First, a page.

How long since you saw a first-generation K-car? In one piece, I mean? The facelifted ’85-’89 versions are still seen every odd and then, but the ’81-’84 units seldom are. And that’s kind of a pity. That’s the car aptly depicted making this happen:
…not long after this happened:
It’s fish-in-a-barrel easy to mock the K-cars; just ask Tim. But they really were quite a sensation when they came out, protuberant 5-mph bumpers and all. Advertisements played on themes of jubilant-throngs-fill-streets (and served as what might diplomatically be called “inspiration” for Reagan’s 1984 morning-in-America schtick), and some of the trade-in fodder shown is risible, but the excitement was quite real; the last new small family car range so successfully, so transformatively, so seismically launched by Chrysler—or, arguably, any other American automaker—had been the 1960 Valiant.
For better and worse, the K-car became an enduring North American cultural touchstone, right up (and down) there with the likes of Kraft Macaroni and Cheese. Some years after the K-cars per se had given way to their various begats, Barenaked Ladies (from Canada, where we call it Kraft Dinner and the first few years of K-cars were configured to run on leaded gasoline) lovingingly namechecked them. But they were what they were: inexpensive, basic, one might justifiably say disposable cars. Pretty good ones, especially compared to their competition from GM and Ford, but disposable cars nonetheless. And that’s what happened to most of them: used up and thrown away.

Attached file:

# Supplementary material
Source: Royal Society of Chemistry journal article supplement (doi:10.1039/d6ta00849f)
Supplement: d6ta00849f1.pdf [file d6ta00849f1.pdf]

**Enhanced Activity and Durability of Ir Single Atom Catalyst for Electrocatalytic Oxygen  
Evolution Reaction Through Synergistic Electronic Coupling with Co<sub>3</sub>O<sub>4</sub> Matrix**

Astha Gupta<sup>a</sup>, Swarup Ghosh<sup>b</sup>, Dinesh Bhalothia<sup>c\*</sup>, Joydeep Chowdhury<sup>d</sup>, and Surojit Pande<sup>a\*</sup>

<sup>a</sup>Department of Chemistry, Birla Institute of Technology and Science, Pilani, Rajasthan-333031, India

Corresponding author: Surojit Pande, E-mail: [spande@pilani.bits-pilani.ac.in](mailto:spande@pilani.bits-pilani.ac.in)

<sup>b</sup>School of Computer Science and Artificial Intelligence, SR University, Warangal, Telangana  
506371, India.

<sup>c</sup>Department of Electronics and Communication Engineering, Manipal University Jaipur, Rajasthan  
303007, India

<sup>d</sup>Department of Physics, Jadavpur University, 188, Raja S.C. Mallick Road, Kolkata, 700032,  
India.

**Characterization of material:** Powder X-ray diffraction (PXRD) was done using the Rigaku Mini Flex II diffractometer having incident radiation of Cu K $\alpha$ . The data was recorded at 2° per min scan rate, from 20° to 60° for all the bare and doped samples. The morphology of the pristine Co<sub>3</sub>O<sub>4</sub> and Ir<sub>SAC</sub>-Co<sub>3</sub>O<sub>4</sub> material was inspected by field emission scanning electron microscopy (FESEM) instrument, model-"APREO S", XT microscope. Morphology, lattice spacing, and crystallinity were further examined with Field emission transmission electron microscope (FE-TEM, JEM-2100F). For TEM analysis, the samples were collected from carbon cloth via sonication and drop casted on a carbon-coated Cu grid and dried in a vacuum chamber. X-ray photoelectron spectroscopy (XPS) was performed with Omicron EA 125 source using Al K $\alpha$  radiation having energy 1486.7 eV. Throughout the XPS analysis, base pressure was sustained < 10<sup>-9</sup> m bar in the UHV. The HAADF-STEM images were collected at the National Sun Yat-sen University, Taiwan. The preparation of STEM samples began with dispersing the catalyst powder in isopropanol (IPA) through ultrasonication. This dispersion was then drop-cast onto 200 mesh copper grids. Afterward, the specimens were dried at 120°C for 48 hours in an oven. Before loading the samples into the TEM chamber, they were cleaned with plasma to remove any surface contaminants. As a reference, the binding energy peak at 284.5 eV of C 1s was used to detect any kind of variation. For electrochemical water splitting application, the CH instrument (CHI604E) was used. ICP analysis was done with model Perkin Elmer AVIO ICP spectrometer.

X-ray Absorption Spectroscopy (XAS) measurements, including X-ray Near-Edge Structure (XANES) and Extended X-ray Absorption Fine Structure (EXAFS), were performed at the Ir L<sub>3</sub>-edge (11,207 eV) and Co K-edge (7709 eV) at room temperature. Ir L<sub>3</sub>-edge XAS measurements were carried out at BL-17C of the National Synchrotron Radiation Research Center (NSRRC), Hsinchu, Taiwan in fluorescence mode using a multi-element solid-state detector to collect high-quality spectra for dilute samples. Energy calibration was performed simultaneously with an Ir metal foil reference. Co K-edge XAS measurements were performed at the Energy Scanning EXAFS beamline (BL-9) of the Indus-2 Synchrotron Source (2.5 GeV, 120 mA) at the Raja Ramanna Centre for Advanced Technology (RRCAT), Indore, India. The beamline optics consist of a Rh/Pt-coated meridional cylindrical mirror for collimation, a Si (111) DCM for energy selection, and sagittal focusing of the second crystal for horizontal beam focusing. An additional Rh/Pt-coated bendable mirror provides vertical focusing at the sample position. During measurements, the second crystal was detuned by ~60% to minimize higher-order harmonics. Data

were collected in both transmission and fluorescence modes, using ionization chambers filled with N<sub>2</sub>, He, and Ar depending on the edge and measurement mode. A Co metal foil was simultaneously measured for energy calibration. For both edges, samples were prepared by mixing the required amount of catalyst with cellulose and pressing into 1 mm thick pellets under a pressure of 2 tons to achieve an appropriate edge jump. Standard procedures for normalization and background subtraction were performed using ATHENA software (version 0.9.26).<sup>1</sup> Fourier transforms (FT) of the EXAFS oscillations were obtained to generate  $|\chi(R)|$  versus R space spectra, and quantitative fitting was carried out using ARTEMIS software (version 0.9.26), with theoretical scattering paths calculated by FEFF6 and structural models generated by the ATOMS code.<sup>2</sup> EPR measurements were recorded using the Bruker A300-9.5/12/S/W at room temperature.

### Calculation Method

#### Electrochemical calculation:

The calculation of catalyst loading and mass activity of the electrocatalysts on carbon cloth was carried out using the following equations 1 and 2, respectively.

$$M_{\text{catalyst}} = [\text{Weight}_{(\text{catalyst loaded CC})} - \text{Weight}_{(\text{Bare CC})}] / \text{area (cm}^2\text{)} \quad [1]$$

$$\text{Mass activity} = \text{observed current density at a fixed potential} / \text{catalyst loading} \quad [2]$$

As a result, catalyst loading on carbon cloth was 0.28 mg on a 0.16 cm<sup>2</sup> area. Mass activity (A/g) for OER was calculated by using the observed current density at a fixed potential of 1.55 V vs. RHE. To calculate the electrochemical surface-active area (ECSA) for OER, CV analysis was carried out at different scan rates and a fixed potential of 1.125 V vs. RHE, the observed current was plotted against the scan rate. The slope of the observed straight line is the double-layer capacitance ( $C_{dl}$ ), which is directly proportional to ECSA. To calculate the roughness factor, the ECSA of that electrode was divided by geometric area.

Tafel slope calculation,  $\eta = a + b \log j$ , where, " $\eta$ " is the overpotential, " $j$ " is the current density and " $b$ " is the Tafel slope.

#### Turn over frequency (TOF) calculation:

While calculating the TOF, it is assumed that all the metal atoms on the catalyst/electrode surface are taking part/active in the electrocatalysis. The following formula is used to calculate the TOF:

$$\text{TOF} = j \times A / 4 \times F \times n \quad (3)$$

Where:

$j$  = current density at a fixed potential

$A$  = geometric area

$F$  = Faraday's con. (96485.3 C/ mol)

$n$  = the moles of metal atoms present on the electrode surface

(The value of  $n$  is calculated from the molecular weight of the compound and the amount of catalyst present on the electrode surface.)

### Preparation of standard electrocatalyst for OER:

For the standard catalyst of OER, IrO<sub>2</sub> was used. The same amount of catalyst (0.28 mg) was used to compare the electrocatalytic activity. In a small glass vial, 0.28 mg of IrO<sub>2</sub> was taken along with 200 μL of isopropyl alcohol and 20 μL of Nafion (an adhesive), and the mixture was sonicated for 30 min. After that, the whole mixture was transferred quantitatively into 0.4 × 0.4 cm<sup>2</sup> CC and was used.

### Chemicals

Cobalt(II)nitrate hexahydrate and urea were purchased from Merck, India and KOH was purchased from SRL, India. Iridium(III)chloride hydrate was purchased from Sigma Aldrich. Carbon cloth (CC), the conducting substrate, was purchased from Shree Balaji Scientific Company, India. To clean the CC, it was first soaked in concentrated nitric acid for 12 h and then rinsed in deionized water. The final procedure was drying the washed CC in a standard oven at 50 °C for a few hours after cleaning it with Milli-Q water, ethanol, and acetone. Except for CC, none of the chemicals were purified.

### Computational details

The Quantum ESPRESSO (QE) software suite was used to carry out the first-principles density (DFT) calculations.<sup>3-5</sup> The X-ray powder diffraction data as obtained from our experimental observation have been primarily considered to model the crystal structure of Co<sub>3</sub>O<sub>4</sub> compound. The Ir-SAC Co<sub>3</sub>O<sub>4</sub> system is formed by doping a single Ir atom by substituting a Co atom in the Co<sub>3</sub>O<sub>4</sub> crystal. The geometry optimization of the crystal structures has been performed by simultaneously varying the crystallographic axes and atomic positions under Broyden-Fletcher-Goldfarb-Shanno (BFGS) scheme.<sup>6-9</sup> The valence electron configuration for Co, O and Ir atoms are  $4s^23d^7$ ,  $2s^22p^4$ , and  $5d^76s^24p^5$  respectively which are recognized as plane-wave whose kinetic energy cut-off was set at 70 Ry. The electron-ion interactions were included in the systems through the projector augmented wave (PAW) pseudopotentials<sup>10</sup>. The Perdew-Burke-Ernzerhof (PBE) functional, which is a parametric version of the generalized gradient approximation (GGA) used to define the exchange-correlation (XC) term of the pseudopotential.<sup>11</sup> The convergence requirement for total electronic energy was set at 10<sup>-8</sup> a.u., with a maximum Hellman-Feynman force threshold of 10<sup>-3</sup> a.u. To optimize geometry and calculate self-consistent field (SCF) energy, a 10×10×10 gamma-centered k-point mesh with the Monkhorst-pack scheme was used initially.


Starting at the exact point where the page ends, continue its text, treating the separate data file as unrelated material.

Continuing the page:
Not this particular one, though (ad archived here). It’s got a bare 23 kilomiles on it, still on its original little-old-lady-and-only-to-church-on-Sunday story, and its near-new condition is all the more astounding given the car’s location in the suburbs of Detroit. Yes, it’s for sale with an ask price of $7500; I repeat myself, when’s the last time you saw one? Check out the 55-in-a-box speedometer.
There’s a devoted purity to the design of the ’81-’84 K-cars. They are so unapologetically upright, so resolutely rectilinear as to make a Volvo 240 look swoopy; perhaps the only curve to be found on a gen-1 K-car is…erm…well, the muffler is round. If there’s a purer expression of the origami school of car design, I can’t think of it at the moment. From any and every angle, it’s all straight lines and corners. It’s boxes on wheels, but designed thoughtfully enough that it’s tidy, taut boxes on wheels—a justifiably extreme reaction to the Brougham brigade’s bloatmobiles.
The ’85 facelift spoiled the effect by randomly melting parts of the bar of soap. Corners were softened and the grilles and headlamps were fused into awkward rounded-trapezoid shapes that really didn’t belong on the still-square rest of the body; maybe that’s why Tim sold his.
But none of that sadness applies to this plucky ’83. It’s powered—at sea level; if you’re at high altitude we’ll just say it’s equipped—not with the regrettable 2.6-litre “silent [Not! -ed] shaft” Mitsubishi Astron engine, but with Chrysler’s carbureted 94-horsepower, 117 lb·ft 2.2-litre engine—penned by the same hand as the everlasting Slant-6—next to the transaxle iteration of the efficient Chrysler Torqueflite automatic.